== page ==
Learning and Unlearning with Mixture Models

Interactive and online learning is becoming important in cognitive computer vision and cognitive robotics, where the primary goal is to study and develop cognitive agents – systems which could continually learn and interact within natural environments. Since most of the real-world environments are ever-changing, and all the information which they provide cannot be available (nor processed) at once, an agent or a system interacting within such an environment has to fulfill some general requirements in the way it builds the models of its environment:

  • The learning algorithm should be able to create and update the models as new data arrives.
  • The models should be updated without explicitly requiring access to the old data.
  • The computational effort needed for a single update should not depend on the amount of data observed sofar.
  • The models should be compact and should not grow significantly with the number of training instances.

Furthermore, in real-life scenarios, an erroneus information will typically get incorporatedinto the models. In such situations, the models should allow for error-recovery without the need of complete relearning. This is especially important in the user-agent interaction settings, in which the user can provide not only positive but negative examples as well to improve the agents knowledge about its environment. Therefore, another requirement (5) is that:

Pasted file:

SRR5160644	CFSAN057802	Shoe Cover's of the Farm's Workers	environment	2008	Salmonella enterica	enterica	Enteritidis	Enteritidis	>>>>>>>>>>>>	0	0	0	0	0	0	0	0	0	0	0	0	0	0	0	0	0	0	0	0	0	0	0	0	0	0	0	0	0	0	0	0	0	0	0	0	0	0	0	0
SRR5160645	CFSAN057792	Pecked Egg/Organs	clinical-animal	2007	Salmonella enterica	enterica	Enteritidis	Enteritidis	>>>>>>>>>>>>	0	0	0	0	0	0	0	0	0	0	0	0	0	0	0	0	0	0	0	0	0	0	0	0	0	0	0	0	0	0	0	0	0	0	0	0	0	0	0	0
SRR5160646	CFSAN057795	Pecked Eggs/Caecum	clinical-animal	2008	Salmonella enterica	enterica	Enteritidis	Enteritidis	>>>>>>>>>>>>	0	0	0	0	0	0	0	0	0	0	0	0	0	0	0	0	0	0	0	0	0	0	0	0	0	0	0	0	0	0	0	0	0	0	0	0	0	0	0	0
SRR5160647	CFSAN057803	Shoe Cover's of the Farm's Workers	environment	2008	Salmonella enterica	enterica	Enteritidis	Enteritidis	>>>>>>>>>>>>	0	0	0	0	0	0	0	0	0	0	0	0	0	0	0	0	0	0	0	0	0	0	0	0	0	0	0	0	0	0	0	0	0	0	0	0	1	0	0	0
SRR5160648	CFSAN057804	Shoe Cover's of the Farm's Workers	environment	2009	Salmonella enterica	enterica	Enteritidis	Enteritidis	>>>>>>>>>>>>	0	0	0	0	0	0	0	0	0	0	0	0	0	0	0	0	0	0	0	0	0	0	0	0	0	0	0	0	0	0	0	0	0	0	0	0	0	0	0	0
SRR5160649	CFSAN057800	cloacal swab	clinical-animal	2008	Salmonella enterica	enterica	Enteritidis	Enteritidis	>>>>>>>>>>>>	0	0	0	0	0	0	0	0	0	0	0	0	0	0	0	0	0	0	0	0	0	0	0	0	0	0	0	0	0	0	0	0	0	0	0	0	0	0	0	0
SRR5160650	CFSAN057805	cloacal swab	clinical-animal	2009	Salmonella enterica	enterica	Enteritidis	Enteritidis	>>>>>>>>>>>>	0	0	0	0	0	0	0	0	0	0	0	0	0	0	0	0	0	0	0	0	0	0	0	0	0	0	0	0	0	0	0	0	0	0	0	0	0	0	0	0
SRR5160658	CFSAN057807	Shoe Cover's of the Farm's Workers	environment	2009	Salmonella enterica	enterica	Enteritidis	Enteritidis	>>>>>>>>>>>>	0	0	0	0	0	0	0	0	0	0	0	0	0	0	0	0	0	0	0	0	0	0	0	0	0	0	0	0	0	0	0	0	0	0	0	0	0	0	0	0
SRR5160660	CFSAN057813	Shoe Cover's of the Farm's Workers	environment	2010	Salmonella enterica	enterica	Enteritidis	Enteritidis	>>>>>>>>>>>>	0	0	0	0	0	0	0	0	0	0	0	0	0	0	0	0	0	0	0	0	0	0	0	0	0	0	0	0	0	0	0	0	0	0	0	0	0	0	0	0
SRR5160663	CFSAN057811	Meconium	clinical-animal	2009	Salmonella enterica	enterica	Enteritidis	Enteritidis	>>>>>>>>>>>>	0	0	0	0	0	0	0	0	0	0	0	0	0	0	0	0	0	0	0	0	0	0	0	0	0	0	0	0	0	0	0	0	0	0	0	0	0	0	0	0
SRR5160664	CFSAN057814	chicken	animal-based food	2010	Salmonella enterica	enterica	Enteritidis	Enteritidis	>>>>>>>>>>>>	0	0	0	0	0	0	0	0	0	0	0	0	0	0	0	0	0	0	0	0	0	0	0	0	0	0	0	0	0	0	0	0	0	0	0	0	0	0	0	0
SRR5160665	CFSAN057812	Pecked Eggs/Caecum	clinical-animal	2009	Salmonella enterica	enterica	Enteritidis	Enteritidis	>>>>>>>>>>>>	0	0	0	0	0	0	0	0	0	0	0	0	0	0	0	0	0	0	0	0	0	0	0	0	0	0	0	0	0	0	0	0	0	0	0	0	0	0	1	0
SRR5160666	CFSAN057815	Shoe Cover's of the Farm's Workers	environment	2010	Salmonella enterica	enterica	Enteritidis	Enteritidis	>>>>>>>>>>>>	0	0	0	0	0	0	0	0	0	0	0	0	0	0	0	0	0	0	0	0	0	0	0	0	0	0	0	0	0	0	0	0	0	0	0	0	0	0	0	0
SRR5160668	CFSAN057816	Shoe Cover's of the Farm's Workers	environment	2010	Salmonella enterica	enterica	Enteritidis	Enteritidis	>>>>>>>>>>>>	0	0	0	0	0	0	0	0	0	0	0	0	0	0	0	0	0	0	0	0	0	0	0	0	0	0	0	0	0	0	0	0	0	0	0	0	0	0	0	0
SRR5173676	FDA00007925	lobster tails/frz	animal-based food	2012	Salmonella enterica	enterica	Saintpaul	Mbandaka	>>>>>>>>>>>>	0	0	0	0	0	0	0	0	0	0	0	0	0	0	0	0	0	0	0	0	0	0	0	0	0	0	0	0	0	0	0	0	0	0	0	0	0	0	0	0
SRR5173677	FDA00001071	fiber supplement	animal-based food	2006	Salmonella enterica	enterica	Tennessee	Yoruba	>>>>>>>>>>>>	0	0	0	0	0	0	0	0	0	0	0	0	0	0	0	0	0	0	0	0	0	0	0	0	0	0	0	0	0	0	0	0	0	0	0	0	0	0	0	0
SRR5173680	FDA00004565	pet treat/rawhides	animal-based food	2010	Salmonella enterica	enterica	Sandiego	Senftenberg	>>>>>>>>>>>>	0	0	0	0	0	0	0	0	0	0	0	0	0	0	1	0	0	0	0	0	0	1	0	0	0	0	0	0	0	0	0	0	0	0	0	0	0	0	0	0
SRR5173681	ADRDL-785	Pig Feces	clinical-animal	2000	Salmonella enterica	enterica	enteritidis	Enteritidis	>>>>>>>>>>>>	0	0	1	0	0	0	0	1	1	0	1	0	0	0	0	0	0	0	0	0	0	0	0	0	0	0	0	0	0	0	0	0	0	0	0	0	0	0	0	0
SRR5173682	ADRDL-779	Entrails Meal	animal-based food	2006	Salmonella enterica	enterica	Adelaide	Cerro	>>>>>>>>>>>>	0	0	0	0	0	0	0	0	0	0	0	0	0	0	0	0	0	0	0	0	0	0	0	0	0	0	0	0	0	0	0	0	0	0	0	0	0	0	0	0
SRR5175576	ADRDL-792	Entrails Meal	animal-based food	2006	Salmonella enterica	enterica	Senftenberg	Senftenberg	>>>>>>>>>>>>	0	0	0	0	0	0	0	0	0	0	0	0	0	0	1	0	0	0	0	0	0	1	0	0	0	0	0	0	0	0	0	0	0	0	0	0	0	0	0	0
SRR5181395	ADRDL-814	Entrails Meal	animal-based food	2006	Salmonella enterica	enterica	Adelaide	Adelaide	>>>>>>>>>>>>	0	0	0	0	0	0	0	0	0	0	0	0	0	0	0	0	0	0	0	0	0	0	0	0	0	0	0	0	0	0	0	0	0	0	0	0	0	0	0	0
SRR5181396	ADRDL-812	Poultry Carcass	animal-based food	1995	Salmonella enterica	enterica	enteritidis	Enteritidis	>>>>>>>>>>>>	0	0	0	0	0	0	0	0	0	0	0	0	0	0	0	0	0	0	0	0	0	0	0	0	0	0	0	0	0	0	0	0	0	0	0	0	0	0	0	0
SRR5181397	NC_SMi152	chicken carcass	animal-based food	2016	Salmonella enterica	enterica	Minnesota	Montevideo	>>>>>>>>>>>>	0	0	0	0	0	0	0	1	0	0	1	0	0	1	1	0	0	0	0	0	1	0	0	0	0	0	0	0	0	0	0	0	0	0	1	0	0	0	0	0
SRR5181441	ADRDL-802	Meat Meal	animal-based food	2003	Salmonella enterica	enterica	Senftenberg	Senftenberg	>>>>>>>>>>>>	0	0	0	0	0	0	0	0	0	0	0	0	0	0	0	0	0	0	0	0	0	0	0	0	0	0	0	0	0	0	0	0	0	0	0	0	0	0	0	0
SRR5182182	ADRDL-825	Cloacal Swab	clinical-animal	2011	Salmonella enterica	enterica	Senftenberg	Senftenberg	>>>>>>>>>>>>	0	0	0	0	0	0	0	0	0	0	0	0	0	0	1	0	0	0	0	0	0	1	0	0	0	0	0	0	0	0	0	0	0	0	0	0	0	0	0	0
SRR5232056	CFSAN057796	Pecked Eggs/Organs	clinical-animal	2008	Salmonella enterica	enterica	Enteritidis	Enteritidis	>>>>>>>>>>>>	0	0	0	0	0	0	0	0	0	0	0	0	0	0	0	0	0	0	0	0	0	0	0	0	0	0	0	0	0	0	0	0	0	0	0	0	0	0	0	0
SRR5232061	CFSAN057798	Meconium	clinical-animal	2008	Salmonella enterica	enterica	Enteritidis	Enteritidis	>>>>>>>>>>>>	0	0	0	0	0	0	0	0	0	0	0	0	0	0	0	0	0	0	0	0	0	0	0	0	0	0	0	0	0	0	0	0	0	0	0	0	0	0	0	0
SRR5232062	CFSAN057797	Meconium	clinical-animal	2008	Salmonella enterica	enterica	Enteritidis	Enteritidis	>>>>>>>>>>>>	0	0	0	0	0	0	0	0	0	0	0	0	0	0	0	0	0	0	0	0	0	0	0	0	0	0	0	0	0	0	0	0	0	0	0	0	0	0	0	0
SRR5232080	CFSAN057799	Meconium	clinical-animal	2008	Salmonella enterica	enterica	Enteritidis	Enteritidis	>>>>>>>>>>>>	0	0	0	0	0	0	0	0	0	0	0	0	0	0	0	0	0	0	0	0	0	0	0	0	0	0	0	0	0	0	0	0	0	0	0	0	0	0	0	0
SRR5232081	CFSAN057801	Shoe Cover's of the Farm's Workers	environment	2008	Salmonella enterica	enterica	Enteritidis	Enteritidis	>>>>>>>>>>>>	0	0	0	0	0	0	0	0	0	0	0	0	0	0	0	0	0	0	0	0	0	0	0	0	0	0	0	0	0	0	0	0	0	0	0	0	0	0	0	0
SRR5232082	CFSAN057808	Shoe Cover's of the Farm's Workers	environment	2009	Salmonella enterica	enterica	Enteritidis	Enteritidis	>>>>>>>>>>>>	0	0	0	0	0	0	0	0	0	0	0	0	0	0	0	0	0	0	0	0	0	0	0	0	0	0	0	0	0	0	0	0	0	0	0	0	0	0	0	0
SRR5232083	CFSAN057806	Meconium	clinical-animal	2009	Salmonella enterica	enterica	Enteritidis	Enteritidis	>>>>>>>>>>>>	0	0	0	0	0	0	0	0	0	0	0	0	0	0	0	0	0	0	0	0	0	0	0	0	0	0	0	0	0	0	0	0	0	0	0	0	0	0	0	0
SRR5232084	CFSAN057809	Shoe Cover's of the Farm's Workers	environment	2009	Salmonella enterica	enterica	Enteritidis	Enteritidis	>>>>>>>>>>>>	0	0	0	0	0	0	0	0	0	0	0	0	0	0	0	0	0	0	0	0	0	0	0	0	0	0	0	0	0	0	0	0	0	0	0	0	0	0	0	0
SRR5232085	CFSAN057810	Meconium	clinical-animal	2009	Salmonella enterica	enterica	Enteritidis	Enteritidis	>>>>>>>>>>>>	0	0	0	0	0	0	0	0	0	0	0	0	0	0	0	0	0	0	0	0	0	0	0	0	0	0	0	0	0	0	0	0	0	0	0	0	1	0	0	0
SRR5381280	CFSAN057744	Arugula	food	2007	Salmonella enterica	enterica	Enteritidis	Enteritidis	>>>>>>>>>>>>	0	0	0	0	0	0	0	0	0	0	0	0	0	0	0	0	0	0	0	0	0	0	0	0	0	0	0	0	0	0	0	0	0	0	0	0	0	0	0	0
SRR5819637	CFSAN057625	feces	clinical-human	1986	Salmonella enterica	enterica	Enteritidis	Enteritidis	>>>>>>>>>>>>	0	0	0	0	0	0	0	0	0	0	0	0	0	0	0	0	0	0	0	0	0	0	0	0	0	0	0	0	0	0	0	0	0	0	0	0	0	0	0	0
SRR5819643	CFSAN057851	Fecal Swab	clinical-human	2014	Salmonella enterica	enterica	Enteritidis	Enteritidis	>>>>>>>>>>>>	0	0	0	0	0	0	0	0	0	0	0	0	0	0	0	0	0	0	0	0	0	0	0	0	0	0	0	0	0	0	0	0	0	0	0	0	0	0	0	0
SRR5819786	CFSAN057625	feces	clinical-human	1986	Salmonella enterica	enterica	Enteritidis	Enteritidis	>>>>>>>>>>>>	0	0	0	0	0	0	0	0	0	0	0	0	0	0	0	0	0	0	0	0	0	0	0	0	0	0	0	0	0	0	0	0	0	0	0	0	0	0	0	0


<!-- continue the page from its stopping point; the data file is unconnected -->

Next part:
• the models should support the process of unlearning, i.e., they have to allow online adaptation using the negative examples as well.

Gaussian mixture models (GMM) are powerful tools for estimating probability density functions (generative reconstructive models) from observed data. We are particularly interested in ways of developing the methods for estimating GMMs, for which the five requirements in the previous paragraph apply. We have therefore proposed a method which is based on Kernel Density Estimators and builds GMMs incrementally from positive as well as negative examples and maintains low complexity of the models.

Example of generating a negative KDE:

Example of unlearning using the negative KDE:

A journal paper discussing a method which contains these qualities:

See also: The supplementary page for the paper

An Example of online updating: